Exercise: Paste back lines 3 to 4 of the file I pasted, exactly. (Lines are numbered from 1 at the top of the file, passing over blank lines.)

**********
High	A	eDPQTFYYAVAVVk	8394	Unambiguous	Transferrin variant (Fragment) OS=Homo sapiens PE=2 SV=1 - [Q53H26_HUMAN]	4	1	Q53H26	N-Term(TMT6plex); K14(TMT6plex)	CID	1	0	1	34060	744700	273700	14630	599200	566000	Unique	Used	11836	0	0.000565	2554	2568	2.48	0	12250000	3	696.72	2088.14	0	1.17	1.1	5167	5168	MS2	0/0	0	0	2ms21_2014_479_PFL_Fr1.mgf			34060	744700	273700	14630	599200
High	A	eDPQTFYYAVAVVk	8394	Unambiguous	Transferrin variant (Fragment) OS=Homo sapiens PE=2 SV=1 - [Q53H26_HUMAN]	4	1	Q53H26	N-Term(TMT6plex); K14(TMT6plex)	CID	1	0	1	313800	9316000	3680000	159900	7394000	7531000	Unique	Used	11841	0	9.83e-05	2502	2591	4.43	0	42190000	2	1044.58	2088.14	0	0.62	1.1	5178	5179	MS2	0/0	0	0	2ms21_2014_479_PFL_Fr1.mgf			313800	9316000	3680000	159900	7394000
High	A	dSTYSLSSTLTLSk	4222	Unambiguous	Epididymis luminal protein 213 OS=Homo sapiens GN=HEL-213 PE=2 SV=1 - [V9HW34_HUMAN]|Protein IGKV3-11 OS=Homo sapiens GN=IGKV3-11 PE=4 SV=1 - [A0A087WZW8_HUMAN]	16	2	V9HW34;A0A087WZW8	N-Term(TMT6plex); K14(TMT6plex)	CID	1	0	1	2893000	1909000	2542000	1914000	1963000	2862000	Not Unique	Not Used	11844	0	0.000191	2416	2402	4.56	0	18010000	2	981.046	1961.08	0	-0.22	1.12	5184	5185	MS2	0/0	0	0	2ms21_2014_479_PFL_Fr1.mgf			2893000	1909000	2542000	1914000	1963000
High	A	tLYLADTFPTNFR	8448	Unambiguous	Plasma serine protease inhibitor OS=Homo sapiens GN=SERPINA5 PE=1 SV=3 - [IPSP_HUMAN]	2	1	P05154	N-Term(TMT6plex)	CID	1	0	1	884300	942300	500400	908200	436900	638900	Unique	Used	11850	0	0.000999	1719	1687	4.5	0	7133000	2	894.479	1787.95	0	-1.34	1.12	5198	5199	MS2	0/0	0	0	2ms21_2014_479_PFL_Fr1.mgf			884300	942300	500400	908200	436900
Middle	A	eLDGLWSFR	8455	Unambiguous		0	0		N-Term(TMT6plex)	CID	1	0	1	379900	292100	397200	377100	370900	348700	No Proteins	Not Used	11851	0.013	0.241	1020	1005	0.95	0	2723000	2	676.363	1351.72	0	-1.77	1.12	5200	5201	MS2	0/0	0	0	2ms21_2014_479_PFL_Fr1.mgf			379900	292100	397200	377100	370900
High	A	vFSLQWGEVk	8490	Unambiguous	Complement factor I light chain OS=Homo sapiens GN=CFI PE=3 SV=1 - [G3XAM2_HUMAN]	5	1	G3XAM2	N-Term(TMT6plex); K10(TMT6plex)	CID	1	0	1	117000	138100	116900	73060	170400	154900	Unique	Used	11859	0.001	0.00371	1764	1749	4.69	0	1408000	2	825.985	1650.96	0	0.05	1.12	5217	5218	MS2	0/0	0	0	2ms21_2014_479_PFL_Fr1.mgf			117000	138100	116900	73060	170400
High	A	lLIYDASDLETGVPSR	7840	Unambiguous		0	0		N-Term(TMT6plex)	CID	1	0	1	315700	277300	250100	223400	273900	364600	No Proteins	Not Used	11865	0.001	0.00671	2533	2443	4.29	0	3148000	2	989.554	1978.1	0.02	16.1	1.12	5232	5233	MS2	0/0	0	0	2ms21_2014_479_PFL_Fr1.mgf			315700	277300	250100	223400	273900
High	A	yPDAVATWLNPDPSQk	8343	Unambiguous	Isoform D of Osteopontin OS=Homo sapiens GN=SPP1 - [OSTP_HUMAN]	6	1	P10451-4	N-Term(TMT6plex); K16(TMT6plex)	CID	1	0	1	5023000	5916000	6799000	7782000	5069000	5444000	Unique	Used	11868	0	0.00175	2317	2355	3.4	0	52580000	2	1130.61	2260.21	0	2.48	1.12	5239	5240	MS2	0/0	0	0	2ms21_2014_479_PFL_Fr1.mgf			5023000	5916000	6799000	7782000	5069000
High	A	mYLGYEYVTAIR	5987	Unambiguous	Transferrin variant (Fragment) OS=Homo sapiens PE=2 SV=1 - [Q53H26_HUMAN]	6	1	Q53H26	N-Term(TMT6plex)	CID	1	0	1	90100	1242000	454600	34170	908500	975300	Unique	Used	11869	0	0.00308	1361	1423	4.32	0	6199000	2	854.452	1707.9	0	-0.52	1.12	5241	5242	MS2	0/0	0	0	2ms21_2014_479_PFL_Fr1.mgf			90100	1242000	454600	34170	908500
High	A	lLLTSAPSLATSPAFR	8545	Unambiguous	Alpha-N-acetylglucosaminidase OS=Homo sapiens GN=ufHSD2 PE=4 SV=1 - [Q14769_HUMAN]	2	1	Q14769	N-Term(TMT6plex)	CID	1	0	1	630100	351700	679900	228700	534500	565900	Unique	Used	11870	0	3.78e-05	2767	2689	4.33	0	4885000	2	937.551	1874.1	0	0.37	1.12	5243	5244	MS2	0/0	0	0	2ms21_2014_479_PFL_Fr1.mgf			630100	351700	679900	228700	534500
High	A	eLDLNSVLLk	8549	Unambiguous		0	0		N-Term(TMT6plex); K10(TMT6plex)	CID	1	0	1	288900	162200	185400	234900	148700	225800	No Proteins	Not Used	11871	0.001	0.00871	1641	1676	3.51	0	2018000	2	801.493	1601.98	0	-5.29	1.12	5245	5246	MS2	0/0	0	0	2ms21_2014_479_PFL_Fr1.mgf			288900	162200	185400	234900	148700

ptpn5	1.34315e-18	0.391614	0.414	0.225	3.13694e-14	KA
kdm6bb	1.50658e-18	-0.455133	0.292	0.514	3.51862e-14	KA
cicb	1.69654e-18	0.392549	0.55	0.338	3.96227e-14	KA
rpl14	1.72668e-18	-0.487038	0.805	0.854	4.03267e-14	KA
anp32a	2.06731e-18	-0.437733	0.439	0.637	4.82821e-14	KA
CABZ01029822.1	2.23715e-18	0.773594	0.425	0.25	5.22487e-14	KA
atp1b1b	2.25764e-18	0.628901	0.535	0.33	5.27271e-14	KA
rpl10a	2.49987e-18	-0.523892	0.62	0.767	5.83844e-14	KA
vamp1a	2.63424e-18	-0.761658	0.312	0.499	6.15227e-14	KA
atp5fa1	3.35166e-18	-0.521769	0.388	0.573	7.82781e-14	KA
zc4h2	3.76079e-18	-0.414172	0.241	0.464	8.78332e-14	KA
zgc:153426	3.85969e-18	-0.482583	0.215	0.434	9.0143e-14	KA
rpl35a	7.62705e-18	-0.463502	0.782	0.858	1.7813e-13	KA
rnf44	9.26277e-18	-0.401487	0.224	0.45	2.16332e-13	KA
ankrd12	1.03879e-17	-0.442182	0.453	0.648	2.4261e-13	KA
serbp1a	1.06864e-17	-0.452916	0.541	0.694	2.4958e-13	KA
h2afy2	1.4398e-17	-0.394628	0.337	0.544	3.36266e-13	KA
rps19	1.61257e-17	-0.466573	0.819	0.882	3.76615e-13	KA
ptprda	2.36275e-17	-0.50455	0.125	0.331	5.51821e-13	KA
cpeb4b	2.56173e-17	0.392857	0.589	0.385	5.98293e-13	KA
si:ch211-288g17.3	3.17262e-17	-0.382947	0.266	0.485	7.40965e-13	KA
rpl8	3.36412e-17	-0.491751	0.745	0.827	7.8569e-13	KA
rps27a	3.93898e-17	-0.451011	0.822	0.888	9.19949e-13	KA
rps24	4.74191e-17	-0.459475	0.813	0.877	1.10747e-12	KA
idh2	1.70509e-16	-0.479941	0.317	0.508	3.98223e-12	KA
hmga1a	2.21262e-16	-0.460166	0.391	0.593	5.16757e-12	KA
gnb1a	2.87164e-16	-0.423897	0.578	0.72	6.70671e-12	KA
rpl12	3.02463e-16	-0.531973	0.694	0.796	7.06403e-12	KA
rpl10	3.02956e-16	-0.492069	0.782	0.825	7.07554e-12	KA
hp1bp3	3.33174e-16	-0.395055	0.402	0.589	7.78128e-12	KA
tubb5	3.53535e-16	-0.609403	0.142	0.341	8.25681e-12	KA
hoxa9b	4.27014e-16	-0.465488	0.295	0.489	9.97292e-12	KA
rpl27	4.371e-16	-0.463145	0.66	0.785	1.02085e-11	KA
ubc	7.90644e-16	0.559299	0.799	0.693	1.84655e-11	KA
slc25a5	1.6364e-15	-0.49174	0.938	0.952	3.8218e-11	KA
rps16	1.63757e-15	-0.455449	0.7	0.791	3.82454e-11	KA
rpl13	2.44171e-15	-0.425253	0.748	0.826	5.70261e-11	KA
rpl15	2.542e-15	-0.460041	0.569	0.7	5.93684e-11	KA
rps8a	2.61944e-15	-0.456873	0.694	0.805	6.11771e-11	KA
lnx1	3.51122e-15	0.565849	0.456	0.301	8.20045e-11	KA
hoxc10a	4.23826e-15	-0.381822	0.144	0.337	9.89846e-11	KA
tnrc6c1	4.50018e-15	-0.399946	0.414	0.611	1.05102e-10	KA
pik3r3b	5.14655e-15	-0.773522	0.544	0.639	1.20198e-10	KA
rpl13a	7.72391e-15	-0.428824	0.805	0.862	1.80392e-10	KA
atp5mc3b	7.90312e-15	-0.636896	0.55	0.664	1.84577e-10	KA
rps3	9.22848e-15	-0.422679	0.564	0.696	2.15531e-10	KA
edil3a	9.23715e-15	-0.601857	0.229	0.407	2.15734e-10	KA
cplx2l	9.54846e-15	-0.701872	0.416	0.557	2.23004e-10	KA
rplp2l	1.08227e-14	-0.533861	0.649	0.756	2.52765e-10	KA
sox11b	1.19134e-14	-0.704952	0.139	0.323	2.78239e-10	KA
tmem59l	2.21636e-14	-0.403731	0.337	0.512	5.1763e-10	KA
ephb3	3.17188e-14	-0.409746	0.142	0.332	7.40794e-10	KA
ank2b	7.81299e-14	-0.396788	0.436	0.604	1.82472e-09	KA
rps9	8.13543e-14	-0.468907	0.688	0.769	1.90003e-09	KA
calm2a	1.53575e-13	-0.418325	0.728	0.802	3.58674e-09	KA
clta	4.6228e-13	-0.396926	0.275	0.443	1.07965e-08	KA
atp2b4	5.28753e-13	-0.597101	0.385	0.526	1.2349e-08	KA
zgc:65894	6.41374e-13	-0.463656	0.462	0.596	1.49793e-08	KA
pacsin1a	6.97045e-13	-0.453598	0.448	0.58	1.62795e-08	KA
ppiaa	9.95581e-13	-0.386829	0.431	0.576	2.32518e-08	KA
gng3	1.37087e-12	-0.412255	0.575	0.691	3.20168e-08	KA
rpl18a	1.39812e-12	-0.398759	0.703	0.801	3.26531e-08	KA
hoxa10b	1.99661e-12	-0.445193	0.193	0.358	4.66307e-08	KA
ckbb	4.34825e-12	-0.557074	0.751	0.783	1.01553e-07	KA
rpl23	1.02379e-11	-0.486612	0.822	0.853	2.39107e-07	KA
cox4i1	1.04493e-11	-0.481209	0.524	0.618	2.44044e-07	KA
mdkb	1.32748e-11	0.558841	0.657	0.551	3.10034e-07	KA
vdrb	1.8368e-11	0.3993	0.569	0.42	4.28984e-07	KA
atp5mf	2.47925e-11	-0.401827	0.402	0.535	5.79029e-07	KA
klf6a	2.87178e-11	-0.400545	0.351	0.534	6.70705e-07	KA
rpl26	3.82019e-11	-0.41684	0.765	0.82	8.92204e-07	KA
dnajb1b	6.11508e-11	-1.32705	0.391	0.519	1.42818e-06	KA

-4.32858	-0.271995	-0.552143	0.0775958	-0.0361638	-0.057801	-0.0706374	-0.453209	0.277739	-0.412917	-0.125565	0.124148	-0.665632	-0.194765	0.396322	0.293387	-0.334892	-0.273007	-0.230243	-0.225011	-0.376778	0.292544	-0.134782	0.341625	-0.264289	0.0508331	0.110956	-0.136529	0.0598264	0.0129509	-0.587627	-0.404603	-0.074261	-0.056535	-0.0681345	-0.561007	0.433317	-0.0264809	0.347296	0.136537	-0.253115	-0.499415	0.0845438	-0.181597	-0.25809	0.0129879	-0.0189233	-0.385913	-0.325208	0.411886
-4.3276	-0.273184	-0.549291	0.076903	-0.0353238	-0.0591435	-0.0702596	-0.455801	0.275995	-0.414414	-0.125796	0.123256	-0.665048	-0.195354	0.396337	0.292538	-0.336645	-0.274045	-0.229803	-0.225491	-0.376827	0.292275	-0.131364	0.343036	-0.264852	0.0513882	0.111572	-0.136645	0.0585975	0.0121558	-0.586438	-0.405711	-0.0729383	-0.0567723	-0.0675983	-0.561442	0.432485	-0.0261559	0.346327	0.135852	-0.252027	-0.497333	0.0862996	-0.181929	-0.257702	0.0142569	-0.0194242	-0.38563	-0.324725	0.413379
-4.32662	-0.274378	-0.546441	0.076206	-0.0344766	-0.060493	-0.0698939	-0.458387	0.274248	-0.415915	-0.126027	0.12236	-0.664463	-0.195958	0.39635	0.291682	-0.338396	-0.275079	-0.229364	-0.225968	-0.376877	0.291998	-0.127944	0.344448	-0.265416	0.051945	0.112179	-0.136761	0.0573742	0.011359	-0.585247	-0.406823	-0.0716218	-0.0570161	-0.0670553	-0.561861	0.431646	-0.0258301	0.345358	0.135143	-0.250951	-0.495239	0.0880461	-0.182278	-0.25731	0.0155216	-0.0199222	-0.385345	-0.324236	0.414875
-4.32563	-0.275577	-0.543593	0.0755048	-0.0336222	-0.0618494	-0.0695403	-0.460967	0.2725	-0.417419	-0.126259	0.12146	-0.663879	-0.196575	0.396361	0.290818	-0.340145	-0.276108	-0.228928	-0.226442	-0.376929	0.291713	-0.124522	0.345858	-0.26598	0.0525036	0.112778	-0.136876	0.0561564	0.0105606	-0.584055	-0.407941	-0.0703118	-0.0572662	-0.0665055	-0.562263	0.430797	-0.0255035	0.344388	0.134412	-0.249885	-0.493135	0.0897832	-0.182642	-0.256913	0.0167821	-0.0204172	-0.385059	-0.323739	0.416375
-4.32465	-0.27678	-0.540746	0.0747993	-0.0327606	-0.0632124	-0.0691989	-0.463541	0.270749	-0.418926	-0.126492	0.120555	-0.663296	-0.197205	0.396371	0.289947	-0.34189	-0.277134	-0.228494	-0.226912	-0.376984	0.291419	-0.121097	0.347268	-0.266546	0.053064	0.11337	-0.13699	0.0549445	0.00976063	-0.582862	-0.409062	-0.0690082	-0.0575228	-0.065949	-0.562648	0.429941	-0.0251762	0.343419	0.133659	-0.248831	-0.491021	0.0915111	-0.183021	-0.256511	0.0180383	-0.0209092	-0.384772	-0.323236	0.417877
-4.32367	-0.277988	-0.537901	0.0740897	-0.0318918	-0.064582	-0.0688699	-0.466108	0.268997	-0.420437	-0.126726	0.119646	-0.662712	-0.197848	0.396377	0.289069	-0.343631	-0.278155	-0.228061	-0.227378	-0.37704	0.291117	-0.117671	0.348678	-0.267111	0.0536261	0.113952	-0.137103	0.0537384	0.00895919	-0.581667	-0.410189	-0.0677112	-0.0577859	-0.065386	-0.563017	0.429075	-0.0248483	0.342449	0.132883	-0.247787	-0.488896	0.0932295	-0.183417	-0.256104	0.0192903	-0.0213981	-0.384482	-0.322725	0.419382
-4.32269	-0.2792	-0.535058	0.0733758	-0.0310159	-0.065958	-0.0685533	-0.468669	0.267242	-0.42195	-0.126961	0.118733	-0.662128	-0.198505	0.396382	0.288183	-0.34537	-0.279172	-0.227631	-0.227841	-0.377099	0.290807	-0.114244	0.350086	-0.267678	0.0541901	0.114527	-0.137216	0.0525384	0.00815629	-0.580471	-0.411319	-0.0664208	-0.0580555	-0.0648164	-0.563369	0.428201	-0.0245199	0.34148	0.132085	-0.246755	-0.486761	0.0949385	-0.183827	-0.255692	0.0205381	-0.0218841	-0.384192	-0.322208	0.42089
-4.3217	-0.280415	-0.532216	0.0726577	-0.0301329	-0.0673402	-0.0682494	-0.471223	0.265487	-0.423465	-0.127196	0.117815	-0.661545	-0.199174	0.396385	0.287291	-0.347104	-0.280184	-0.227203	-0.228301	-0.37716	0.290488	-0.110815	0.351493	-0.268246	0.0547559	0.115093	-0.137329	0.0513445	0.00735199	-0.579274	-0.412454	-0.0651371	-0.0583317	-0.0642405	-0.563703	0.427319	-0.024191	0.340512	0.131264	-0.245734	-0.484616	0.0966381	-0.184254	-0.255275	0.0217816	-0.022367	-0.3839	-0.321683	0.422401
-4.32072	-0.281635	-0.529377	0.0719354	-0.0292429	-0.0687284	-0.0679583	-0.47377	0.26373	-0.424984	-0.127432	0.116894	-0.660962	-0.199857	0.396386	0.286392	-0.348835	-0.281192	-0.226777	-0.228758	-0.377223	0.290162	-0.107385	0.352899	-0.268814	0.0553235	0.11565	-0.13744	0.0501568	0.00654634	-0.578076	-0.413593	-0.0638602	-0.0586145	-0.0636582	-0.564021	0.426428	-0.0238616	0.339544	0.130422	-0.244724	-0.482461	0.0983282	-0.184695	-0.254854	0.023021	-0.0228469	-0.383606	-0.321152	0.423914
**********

High	A	dSTYSLSSTLTLSk	4222	Unambiguous	Epididymis luminal protein 213 OS=Homo sapiens GN=HEL-213 PE=2 SV=1 - [V9HW34_HUMAN]|Protein IGKV3-11 OS=Homo sapiens GN=IGKV3-11 PE=4 SV=1 - [A0A087WZW8_HUMAN]	16	2	V9HW34;A0A087WZW8	N-Term(TMT6plex); K14(TMT6plex)	CID	1	0	1	2893000	1909000	2542000	1914000	1963000	2862000	Not Unique	Not Used	11844	0	0.000191	2416	2402	4.56	0	18010000	2	981.046	1961.08	0	-0.22	1.12	5184	5185	MS2	0/0	0	0	2ms21_2014_479_PFL_Fr1.mgf			2893000	1909000	2542000	1914000	1963000
High	A	tLYLADTFPTNFR	8448	Unambiguous	Plasma serine protease inhibitor OS=Homo sapiens GN=SERPINA5 PE=1 SV=3 - [IPSP_HUMAN]	2	1	P05154	N-Term(TMT6plex)	CID	1	0	1	884300	942300	500400	908200	436900	638900	Unique	Used	11850	0	0.000999	1719	1687	4.5	0	7133000	2	894.479	1787.95	0	-1.34	1.12	5198	5199	MS2	0/0	0	0	2ms21_2014_479_PFL_Fr1.mgf			884300	942300	500400	908200	436900